Government has today published a consultation paper on the future of the Edited Electoral Register. Six options are being considered for the future of the register.
The consultation follows a recommendation in the Data Sharing Review, published in July 2008, that the edited register should be abolished. At present, local authorities are by law obliged to sell the edited version of the electoral roll to anyone prepared to pay a small fee. The register may be used for any purpose, including the creation of junk mail lists.
The edited register came into existence in 2002, after a member of the public had successfully challenged the use of the electoral register for commercial purposes. Rather than stopping the sale of the electoral register, the Government decided to introduce a second - 'edited' - version of the roll. Voters who do not want to be included on the edited register can tick an opt-out box on their electoral registration form. Currently, 40% of voters are opted out of being on the edited register.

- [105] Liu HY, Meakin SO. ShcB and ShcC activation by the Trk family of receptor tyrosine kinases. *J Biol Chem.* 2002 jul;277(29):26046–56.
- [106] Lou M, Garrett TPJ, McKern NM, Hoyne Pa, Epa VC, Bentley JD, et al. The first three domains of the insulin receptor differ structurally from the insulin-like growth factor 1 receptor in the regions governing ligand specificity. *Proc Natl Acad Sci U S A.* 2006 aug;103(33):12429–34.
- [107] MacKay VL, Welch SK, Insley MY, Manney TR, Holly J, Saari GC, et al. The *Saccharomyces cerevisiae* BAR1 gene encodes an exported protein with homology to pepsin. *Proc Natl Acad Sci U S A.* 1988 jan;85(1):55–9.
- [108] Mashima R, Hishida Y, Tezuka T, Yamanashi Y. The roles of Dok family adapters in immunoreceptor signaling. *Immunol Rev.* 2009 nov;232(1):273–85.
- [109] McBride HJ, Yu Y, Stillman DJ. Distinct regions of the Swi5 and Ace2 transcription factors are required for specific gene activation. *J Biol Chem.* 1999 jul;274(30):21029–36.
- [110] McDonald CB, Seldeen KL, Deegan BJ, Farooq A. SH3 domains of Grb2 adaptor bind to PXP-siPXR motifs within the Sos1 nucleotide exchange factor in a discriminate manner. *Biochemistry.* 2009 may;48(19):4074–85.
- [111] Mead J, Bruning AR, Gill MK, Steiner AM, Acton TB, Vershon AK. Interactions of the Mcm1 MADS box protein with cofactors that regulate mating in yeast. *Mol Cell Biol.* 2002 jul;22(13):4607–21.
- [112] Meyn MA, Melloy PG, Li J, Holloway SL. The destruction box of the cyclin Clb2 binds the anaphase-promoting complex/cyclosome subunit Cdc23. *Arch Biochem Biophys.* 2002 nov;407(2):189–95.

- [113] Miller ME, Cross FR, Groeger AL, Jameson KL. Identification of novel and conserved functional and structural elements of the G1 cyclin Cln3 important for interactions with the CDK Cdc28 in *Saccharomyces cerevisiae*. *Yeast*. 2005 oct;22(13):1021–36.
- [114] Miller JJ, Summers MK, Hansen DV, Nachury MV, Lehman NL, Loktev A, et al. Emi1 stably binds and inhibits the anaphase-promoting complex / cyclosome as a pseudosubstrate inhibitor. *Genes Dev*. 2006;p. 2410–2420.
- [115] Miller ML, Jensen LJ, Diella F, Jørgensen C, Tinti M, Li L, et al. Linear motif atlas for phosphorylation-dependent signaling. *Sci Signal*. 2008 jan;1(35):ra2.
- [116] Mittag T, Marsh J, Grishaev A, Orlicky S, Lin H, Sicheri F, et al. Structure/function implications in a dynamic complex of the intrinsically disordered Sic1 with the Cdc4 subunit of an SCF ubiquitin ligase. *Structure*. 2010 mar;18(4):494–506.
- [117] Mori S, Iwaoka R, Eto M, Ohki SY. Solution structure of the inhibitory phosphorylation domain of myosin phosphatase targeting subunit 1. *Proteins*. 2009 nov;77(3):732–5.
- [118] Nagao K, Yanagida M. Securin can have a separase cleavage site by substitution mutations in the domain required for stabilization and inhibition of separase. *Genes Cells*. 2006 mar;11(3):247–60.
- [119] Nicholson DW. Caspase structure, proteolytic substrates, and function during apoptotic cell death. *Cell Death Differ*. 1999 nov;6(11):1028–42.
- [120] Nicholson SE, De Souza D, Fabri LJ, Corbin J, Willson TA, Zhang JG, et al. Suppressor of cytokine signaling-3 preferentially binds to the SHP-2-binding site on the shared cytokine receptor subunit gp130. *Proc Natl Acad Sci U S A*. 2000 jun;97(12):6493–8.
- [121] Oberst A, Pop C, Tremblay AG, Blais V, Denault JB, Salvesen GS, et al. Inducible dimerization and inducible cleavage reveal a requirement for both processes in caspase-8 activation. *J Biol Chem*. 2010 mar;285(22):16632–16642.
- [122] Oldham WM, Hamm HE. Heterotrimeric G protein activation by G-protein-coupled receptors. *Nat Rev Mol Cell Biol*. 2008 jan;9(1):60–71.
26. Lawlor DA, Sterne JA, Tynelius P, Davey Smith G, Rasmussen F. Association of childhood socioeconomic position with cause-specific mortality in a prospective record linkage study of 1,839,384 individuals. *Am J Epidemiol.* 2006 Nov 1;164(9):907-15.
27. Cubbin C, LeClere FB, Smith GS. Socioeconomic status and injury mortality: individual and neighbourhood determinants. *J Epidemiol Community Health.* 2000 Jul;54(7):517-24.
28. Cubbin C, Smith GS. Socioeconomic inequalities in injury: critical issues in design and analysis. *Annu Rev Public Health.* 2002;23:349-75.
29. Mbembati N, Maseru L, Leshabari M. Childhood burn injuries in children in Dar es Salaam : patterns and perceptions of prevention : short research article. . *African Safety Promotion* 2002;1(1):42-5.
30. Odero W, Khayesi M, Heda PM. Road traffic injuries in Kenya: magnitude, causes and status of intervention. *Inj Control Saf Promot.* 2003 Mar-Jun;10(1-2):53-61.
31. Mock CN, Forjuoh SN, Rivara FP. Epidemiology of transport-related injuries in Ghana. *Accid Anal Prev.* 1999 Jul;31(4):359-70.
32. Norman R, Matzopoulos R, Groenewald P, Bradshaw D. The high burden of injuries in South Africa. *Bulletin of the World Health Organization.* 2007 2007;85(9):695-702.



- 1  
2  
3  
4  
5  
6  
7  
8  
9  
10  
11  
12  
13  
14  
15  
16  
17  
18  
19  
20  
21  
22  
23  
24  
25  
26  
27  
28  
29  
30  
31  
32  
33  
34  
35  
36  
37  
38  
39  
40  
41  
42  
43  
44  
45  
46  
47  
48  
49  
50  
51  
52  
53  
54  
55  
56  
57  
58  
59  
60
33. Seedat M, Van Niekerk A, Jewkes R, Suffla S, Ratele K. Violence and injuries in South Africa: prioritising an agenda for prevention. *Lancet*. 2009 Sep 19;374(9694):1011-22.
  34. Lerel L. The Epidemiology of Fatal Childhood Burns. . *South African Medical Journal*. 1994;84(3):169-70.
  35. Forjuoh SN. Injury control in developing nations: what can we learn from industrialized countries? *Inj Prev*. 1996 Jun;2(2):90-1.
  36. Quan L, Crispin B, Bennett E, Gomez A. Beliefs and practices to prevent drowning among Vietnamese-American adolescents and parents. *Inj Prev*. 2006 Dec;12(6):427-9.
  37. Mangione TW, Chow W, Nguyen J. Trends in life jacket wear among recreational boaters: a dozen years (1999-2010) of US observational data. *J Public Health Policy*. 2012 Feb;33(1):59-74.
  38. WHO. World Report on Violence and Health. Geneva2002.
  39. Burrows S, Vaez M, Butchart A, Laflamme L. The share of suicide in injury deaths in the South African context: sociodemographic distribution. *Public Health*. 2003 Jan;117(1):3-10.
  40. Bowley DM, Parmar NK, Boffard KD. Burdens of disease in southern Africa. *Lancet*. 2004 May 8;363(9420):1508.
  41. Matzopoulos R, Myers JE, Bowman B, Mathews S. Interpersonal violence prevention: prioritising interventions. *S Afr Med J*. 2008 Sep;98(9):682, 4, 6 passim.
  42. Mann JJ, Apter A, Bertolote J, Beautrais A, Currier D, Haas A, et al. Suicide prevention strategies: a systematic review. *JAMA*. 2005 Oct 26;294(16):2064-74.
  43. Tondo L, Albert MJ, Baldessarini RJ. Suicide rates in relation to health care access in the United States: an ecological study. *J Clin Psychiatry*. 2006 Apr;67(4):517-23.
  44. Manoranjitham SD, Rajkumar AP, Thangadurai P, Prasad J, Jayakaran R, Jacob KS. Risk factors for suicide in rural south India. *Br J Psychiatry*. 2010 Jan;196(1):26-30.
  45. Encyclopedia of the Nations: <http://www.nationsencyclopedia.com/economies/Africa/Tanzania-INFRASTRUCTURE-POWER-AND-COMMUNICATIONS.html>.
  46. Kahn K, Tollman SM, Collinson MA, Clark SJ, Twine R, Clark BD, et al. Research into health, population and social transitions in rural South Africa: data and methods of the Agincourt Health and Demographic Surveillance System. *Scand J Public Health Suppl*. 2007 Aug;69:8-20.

The Data Sharing Review recommended the abolition of the edited register. The report argued that the sale of the list "is an unsatisfactory way for local authorities to treat personal information" and that "it sends a particularly poor message to the public that personal information collected for something as vital as participation in the democratic process can be sold 'to anyone for any purpose'."
In the consultation paper the Government has set out six options for the future of the edited register, including abolition, restricting access to the register, replacing the current 'opt out' provision with an 'opt in', and better informing the public about the register. Not reforming the current system is not an option in the paper.
The consolation will end on 23 February 2010. Both members of the public and stakeholders can respond to the consultation document.